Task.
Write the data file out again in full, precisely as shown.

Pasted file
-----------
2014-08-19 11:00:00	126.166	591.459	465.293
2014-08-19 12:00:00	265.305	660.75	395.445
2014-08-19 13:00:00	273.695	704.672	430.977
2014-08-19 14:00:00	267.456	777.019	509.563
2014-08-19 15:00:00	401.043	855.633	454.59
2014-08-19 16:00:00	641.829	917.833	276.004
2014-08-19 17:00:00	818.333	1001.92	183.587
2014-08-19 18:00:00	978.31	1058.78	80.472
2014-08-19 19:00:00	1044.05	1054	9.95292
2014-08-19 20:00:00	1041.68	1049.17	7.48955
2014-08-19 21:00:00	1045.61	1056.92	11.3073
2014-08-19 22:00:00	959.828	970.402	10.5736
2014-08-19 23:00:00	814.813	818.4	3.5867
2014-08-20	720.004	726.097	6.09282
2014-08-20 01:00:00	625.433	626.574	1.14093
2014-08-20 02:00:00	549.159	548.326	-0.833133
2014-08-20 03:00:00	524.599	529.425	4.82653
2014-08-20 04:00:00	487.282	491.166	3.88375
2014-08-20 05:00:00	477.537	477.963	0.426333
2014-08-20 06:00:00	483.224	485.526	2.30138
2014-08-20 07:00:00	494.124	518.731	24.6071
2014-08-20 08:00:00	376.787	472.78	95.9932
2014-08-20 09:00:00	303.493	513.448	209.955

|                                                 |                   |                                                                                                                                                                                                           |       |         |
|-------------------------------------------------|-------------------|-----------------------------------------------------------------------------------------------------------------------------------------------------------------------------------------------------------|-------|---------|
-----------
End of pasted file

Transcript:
2014-08-19 11:00:00	126.166	591.459	465.293
2014-08-19 12:00:00	265.305	660.75	395.445
2014-08-19 13:00:00	273.695	704.672	430.977
2014-08-19 14:00:00	267.456	777.019	509.563
2014-08-19 15:00:00	401.043	855.633	454.59
2014-08-19 16:00:00	641.829	917.833	276.004
2014-08-19 17:00:00	818.333	1001.92	183.587
2014-08-19 18:00:00	978.31	1058.78	80.472
2014-08-19 19:00:00	1044.05	1054	9.95292
2014-08-19 20:00:00	1041.68	1049.17	7.48955
2014-08-19 21:00:00	1045.61	1056.92	11.3073
2014-08-19 22:00:00	959.828	970.402	10.5736
2014-08-19 23:00:00	814.813	818.4	3.5867
2014-08-20	720.004	726.097	6.09282
2014-08-20 01:00:00	625.433	626.574	1.14093
2014-08-20 02:00:00	549.159	548.326	-0.833133
2014-08-20 03:00:00	524.599	529.425	4.82653
2014-08-20 04:00:00	487.282	491.166	3.88375
2014-08-20 05:00:00	477.537	477.963	0.426333
2014-08-20 06:00:00	483.224	485.526	2.30138
2014-08-20 07:00:00	494.124	518.731	24.6071
2014-08-20 08:00:00	376.787	472.78	95.9932
2014-08-20 09:00:00	303.493	513.448	209.955

|                                                 |                   |                                                                                                                                                                                                           |       |         |
|-------------------------------------------------|-------------------|-----------------------------------------------------------------------------------------------------------------------------------------------------------------------------------------------------------|-------|---------|